Brian McWilliams is back again with another Aperus release, 'Archaic Signal,' his fifth album with this project following 'Lie Symmetry' which I reviewed back in 2018. Revisiting the review and the album (listening), I realize that it was even better than I thought it was at the time, so I urge you to get it. As for the album at hand, let's see what we're in for. McWilliams claim the title ('Archaic Signal') came to him while visiting a petroglyph site near his home in Santa Fe, New Mexico. "It appeared as a mirage....the images felt like viable signals still holding a charge." The resonating signal also occurred again while listening to a birdsong outside his studio, so he recorded it to a handful of cassettes and experimented with compromising the tape by scraping, crumpling, pulling it apart, reassembling it and applying magnets to it. That certainly added a lot of grit, noise and analog color. McWilliams' use of shortwave radio on this album is another key factor (and one used by Aperus often in the past) and that comes up right away in the music.
"New Antenna" features twisty drones interspersed with the aforementioned shortwave samples (foreign voices, possibly Russian) and then some other odd sounds toward the end. For the casual listener, this kind of experimentalism may be off-putting, but give it a chance. The title track perks up one's ears with a whistling quality, beginning as small signals in space to gradually become huge as the noise subtly sweeps in, a spacious environment is formed. At its apex it is nearly overwhelming, but then something happens and it morphs into something...otherworldly. Voices from the past rise and fall, as well as other incidents you're barely aware of. The melodic melancholy of "Phase Shift" is a little reminiscent of some of 'Lie Symmetry,' and although brief at 2:33, it is still poignant. The oddly titled "Newspaper Rock" blends complex ambient drone with various discreet spoken word (possibly radio or shortwave radio) samples, and other electronic zips, zizzes, and miscellaneous sonic artifacts. The broken melody loop that heralds "Canopy of Stars" seems to fade and disappear but actually changes into something more formidable while an at first minimal tapping advances into a bold rhythm, then dissipates. Just when you thought it was all going away, it gradually comes back again, stronger than ever this time. Towards the end it resolves into only two chord changes, but then changes a bit again with subtle supplementary string-like pads. It seems obvious to me that a lot of work went into this piece. You may have been wording what happened to those abused and deconstructed birdsong tapes, so "Birdsong As Mantra" should give you a good idea. It's birdie-chirp with drones and this is the longest track on the album at nearly 17 minutes. Various subtle events come into play at various points in this lengthy piece, but the drones and birdsong are its constant. At the end the soft noise sounds like a vinyl record repeating the last groove in the runout.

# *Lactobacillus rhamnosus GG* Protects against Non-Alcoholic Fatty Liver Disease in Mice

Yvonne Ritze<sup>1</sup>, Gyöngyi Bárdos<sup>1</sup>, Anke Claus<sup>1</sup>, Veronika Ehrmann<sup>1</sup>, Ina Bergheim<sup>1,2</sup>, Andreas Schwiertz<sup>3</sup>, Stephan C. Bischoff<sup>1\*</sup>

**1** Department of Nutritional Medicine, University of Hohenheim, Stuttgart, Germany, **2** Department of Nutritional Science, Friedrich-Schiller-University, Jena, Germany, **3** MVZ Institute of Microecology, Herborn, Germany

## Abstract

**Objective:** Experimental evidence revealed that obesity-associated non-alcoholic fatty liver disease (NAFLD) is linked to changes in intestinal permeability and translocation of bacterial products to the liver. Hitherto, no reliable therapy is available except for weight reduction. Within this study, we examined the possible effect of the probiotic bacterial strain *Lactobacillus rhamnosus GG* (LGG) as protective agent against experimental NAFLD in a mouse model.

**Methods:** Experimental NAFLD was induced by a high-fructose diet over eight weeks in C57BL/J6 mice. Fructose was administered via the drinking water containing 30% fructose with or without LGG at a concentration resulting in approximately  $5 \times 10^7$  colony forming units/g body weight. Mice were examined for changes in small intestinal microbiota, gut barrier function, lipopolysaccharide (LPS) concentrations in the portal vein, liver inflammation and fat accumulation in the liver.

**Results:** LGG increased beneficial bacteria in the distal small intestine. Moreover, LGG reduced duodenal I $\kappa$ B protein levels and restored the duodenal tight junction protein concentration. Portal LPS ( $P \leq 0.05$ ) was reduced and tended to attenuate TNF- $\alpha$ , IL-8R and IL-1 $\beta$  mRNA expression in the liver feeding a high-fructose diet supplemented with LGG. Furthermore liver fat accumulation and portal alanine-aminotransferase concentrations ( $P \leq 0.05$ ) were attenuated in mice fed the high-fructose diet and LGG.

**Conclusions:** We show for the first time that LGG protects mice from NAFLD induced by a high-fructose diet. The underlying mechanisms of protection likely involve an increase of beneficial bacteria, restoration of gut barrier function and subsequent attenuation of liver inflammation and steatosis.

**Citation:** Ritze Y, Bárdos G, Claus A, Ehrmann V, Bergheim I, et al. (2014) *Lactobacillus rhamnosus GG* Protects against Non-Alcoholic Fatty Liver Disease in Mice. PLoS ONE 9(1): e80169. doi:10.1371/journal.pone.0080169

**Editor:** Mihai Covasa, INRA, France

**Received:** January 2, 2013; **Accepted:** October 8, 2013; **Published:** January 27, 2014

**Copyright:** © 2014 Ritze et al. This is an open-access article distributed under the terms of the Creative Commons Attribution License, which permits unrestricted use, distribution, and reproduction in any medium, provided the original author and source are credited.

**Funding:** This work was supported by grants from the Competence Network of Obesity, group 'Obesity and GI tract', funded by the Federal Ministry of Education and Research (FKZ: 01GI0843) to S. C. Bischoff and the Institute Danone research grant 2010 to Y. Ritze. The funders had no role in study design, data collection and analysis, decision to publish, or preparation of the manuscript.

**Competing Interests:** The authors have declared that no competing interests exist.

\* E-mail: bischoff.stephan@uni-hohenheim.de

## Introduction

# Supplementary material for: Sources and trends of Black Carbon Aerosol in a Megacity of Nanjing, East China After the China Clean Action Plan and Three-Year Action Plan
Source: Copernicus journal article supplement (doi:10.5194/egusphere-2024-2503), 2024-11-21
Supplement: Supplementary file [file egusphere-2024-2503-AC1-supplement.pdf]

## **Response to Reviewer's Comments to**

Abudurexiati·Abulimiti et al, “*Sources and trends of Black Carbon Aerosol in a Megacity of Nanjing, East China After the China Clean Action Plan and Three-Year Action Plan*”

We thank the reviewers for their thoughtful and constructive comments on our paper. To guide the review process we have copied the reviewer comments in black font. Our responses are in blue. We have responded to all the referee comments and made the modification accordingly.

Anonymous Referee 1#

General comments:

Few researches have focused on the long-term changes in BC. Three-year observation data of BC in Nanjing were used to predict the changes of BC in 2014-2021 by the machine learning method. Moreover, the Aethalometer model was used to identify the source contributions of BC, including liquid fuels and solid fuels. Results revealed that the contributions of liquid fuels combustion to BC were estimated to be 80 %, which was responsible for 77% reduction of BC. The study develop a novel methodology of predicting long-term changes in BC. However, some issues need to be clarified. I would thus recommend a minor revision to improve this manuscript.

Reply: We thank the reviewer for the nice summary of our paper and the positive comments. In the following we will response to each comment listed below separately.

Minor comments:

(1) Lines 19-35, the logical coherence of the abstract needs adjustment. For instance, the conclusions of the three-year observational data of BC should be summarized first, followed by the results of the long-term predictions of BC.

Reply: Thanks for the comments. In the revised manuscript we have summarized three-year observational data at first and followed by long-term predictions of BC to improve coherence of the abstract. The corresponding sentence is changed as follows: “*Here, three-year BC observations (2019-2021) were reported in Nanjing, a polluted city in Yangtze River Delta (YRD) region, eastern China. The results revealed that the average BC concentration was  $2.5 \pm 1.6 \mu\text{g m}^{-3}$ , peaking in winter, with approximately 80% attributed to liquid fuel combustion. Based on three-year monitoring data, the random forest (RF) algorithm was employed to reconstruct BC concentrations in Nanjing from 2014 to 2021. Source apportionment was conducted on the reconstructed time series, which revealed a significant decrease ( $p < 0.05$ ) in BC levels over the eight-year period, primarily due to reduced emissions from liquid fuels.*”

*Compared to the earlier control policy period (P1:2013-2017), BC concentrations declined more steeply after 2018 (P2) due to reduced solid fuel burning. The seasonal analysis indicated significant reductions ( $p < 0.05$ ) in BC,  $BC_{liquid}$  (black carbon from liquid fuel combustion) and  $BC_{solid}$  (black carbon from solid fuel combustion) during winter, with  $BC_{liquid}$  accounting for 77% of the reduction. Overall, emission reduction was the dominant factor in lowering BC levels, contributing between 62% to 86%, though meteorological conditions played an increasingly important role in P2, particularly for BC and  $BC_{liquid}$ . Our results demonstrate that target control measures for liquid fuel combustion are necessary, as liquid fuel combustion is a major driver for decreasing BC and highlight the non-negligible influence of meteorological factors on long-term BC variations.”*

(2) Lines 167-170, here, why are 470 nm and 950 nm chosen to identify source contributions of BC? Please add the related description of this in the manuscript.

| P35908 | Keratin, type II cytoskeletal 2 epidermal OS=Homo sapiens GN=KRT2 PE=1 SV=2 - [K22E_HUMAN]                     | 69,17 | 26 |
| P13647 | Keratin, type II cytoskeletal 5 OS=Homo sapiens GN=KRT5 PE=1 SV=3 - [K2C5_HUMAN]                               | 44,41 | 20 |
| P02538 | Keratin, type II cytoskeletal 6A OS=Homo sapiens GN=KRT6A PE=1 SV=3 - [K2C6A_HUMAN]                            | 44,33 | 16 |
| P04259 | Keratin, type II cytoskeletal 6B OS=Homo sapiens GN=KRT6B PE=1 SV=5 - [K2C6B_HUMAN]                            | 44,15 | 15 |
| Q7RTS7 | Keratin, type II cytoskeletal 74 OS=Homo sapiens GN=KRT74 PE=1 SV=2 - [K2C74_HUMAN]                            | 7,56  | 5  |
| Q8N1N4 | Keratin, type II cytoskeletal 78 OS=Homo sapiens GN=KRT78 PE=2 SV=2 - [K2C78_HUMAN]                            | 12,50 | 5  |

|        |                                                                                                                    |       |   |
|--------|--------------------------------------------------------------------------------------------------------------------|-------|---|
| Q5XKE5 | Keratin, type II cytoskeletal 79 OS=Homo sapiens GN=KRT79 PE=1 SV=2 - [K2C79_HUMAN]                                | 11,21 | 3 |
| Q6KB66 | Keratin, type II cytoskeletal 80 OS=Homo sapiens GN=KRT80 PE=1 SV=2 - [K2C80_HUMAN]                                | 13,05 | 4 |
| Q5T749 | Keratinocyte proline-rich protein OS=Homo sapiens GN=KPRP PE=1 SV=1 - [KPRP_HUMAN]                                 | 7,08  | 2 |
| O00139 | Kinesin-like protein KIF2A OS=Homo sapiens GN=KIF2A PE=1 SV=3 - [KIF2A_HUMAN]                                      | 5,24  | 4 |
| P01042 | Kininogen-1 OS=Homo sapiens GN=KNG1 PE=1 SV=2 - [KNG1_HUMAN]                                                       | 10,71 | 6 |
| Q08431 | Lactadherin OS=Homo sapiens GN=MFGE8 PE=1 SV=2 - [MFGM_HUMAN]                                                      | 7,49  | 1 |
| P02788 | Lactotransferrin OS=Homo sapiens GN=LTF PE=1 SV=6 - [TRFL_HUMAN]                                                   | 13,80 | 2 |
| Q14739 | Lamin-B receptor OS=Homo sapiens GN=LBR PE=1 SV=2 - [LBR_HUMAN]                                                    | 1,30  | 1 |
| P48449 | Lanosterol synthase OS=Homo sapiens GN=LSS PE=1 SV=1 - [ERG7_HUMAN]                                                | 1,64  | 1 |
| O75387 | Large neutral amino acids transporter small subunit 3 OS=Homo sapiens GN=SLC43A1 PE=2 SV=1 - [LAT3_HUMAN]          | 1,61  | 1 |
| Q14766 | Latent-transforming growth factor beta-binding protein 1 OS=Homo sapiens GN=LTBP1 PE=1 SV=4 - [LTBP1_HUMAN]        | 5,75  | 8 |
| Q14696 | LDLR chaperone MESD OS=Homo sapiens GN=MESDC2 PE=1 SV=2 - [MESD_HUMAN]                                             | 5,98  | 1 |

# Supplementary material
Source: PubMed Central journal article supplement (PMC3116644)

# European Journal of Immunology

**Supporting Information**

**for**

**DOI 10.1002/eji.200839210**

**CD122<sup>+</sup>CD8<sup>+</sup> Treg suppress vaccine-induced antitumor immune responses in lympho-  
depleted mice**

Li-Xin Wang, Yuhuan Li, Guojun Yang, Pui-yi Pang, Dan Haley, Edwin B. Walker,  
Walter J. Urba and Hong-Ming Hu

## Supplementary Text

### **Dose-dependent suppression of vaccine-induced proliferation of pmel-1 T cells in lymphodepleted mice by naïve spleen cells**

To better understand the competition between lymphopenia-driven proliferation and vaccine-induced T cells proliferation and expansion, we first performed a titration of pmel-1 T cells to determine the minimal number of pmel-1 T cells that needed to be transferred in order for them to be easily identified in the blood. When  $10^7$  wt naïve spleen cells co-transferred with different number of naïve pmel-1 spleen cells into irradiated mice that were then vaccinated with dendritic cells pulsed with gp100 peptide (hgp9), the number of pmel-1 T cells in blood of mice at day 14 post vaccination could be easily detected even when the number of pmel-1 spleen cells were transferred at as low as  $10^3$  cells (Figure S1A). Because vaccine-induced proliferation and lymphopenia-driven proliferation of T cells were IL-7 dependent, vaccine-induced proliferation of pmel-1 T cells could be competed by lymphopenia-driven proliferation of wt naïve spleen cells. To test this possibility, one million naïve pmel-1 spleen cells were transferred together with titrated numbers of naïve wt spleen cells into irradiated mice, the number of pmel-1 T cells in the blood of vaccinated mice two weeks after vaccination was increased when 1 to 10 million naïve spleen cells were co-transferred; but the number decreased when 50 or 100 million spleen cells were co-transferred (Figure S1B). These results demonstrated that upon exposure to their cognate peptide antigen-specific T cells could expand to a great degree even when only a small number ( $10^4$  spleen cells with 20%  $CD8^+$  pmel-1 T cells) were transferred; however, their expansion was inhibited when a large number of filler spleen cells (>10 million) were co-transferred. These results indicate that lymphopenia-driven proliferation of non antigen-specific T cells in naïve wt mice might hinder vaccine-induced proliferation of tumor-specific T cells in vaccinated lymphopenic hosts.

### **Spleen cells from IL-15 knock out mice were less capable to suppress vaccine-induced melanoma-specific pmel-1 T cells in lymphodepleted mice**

I knew sooner or later Brian would bring in some bellish tones (there are lots of them on 'Lie Symmetry') and here they are on "Silver Birds." This may be one of the best bell-drone pieces in recent memory. "Archaeodreaming" has an awful lot going for it- mysterious echoing drone, strange little minimal rhythm, and other nuances. It could have gone on much longer than the nearly five minutes it was. "Afterglow" offers big, rich, complex chordal drone, and a little bird chirping returns as well. The piece ends on a very long fade.
While I can't say that 'Archaic Signal' was as fascinating to me as 'Lie Symmetry' was, it does have some very good things to offer. What puts this into the “must buy” category is the CD packaging. McWilliams is also a photographer, and for the album artwork he used the camera as a sampler and incorporated basic components from his petroglyph photos with visual abstractions (such as the birdsong displayed on the front cover) layered over other photos of weathered metal, tables, rocks, etc. to create a unique composite image. The CD packaging features a 5 x 7 cello sleeve with a striking double sided gatefold cover and five double sided photo cards (10 images) created from weathered surfaces, pictographs and found objects. I have to say it looks pretty cool and makes this a worthy collectible as well.